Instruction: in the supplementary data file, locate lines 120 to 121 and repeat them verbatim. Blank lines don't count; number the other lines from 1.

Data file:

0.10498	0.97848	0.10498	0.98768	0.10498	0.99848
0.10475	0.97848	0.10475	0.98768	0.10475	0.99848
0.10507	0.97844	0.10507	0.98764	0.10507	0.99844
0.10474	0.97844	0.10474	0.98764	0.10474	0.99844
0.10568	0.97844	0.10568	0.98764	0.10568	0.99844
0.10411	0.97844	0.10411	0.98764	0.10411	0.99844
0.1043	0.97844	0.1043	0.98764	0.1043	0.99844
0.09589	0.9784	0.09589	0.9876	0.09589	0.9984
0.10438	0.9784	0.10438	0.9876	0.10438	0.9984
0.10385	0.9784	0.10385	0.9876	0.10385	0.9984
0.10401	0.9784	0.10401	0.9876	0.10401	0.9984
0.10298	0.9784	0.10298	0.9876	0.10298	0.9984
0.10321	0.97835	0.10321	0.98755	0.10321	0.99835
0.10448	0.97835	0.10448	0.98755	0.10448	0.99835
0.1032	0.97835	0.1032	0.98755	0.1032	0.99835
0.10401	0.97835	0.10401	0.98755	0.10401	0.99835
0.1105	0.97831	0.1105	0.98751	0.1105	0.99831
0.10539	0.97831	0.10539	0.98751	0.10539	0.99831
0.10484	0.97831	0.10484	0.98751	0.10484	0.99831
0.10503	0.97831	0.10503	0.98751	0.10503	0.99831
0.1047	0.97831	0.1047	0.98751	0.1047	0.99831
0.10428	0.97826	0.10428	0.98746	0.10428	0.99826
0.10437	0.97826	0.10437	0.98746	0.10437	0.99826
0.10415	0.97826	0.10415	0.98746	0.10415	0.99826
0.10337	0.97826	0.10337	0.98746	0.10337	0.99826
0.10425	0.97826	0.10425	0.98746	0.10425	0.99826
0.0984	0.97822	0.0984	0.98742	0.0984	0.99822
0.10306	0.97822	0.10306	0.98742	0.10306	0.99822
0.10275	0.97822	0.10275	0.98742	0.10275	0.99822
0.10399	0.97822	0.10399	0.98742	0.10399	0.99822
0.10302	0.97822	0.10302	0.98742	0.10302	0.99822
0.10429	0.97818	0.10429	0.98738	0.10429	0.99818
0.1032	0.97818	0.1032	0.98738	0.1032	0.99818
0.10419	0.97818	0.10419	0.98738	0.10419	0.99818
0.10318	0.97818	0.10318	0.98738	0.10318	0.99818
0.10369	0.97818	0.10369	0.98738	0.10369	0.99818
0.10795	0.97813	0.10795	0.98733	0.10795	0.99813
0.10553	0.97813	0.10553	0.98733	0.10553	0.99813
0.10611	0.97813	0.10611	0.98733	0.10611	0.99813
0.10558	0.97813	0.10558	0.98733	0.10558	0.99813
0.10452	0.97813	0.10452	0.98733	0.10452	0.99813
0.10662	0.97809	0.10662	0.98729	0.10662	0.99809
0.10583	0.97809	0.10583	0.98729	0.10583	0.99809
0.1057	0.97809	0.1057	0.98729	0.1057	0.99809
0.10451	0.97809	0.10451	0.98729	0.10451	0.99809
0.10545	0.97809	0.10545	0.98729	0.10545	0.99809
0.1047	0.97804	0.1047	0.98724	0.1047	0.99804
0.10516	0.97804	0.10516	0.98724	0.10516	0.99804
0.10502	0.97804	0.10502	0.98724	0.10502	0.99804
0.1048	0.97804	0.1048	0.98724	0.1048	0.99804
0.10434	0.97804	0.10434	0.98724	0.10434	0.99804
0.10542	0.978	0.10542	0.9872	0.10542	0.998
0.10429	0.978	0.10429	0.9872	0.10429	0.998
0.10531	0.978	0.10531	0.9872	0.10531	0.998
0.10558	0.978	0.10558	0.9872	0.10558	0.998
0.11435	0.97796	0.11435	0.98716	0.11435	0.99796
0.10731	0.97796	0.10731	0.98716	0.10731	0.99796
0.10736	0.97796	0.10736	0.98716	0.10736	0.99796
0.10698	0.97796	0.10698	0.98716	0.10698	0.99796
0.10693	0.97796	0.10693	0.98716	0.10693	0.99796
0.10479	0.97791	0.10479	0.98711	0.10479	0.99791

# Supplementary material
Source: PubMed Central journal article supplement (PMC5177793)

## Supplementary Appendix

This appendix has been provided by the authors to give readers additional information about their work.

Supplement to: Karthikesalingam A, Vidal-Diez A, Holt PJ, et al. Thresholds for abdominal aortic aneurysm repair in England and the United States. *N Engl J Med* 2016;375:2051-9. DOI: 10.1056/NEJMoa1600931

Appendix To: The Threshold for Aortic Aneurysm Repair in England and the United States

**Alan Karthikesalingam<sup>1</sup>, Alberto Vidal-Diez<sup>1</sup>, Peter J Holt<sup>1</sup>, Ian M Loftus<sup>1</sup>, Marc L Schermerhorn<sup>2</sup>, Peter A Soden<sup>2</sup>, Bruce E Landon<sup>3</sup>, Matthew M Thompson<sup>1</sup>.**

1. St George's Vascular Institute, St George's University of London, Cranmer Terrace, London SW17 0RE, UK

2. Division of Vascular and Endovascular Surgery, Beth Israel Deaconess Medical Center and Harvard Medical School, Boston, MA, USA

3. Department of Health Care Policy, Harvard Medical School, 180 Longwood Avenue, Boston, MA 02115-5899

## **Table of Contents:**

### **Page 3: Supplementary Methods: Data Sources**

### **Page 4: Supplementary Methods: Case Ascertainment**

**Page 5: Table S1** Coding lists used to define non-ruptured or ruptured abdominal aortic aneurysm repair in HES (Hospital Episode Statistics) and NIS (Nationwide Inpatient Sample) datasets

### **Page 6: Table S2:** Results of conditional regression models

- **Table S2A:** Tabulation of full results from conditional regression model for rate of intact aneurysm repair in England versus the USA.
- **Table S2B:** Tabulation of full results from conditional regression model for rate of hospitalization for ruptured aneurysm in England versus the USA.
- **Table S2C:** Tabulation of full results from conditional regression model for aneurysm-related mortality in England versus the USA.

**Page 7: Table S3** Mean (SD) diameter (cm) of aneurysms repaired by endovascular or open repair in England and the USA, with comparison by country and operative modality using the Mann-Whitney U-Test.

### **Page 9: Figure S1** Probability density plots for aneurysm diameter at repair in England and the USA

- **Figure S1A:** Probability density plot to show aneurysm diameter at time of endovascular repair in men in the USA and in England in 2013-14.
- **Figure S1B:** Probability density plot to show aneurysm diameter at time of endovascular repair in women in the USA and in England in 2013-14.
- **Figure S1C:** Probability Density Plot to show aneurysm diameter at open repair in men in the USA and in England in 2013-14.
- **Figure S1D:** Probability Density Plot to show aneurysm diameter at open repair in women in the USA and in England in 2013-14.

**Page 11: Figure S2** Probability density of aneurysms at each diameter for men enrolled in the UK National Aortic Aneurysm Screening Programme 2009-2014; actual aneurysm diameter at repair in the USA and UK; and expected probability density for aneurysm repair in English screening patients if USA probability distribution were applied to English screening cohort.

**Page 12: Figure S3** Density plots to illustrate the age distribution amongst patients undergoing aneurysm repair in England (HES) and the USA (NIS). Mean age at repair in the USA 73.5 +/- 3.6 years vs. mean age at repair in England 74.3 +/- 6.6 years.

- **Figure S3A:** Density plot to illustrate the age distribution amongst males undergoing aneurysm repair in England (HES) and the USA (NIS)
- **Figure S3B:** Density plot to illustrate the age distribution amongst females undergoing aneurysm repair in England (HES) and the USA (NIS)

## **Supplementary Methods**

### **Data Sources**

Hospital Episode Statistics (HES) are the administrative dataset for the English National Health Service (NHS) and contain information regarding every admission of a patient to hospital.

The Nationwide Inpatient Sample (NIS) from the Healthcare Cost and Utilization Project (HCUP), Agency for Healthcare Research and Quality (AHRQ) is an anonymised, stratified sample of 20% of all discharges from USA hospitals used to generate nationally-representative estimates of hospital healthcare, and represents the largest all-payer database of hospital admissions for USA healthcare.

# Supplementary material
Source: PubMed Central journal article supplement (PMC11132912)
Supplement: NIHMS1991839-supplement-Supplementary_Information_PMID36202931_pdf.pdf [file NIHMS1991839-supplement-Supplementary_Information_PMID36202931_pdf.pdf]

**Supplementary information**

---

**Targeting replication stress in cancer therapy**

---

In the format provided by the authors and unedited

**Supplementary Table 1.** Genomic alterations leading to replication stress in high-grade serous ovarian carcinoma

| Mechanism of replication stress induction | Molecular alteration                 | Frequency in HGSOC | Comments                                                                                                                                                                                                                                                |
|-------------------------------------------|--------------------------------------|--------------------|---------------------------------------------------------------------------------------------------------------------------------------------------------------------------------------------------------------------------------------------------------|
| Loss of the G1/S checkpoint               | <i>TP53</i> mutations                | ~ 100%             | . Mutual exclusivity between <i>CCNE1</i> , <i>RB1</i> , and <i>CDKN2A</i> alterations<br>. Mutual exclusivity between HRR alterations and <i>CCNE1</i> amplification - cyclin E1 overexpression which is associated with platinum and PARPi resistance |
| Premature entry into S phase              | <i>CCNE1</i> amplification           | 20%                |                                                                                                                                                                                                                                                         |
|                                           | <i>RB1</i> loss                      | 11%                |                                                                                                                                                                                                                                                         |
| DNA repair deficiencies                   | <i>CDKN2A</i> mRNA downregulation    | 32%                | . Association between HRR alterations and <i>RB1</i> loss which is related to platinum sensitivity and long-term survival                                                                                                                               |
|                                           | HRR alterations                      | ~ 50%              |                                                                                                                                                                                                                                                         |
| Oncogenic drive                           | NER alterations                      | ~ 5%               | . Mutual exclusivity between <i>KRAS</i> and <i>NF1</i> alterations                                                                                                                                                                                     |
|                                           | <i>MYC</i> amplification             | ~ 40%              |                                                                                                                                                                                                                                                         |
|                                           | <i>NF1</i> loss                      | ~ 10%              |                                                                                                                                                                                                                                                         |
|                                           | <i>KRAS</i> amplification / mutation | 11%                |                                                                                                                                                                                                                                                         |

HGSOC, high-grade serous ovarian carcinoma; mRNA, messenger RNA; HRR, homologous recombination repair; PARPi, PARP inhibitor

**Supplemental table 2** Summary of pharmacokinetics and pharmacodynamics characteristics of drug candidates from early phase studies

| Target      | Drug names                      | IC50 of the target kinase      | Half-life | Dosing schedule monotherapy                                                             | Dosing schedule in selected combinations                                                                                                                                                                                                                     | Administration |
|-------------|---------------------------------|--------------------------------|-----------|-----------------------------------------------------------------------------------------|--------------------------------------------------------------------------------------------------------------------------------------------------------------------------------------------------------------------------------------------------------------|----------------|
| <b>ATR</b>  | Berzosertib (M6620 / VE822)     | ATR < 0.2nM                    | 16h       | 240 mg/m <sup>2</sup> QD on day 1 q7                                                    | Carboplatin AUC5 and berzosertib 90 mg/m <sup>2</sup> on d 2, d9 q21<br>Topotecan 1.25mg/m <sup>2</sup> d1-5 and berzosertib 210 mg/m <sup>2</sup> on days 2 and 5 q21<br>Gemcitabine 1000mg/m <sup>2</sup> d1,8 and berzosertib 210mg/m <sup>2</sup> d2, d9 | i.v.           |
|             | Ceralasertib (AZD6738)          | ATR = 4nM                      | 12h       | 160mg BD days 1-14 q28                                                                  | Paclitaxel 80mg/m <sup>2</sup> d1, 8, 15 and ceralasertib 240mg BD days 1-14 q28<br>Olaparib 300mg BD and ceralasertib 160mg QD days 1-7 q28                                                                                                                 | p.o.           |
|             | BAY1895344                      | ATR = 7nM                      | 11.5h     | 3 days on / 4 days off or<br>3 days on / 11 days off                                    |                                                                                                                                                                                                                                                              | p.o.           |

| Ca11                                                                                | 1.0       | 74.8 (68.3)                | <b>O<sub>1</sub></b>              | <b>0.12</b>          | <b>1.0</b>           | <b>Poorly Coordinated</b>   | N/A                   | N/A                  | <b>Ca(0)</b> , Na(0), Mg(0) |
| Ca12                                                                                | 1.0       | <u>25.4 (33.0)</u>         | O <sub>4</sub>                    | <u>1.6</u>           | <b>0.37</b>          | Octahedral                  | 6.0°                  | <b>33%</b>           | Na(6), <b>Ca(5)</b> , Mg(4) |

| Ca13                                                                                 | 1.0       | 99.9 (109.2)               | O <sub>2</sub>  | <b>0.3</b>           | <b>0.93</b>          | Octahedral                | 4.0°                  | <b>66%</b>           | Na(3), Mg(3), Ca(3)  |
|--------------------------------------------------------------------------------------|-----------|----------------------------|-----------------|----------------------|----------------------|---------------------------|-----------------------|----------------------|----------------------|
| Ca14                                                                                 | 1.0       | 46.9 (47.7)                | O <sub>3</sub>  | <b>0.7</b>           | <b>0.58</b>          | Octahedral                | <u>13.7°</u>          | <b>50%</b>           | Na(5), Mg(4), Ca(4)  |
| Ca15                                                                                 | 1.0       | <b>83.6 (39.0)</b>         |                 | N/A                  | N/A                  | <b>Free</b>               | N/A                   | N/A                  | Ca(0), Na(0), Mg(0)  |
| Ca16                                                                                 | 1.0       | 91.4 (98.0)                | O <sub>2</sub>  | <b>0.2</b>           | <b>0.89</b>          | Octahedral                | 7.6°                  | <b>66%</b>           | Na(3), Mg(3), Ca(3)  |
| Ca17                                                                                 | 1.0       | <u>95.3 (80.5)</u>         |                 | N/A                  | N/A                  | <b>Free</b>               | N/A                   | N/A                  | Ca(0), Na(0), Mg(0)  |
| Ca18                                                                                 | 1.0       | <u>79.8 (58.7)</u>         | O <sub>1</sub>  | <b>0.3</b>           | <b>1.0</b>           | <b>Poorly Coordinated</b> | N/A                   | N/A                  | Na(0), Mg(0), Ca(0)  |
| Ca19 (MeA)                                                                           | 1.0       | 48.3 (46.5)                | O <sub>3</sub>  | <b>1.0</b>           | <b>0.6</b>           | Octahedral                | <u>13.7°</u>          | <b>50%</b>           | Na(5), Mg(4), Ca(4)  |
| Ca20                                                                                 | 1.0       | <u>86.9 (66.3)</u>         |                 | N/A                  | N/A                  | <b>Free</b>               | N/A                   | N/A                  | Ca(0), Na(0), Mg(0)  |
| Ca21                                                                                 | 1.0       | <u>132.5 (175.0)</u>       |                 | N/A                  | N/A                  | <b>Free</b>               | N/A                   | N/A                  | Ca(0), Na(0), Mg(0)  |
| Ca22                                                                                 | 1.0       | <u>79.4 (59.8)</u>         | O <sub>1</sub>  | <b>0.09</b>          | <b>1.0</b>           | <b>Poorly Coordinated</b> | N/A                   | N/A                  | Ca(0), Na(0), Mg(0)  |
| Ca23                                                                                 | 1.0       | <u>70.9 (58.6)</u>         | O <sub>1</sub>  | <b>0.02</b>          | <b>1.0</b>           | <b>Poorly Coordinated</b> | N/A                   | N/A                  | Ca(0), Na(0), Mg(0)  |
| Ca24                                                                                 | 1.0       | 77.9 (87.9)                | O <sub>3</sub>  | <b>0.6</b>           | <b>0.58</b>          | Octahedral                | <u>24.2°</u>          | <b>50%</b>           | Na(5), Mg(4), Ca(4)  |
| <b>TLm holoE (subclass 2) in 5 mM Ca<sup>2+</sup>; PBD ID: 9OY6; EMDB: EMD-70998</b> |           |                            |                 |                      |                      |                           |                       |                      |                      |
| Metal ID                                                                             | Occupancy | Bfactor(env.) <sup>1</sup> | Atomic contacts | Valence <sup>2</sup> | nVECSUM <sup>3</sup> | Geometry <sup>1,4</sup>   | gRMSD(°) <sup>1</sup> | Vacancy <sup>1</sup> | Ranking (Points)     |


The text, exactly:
|             | BAY1895344                      | ATR = 7nM                      | 11.5h     | 3 days on / 4 days off or<br>3 days on / 11 days off                                    |                                                                                                                                                                                                                                                              | p.o.           |

| Ca11                                                                                | 1.0       | 74.8 (68.3)                | <b>O<sub>1</sub></b>              | <b>0.12</b>          | <b>1.0</b>           | <b>Poorly Coordinated</b>   | N/A                   | N/A                  | <b>Ca(0)</b> , Na(0), Mg(0) |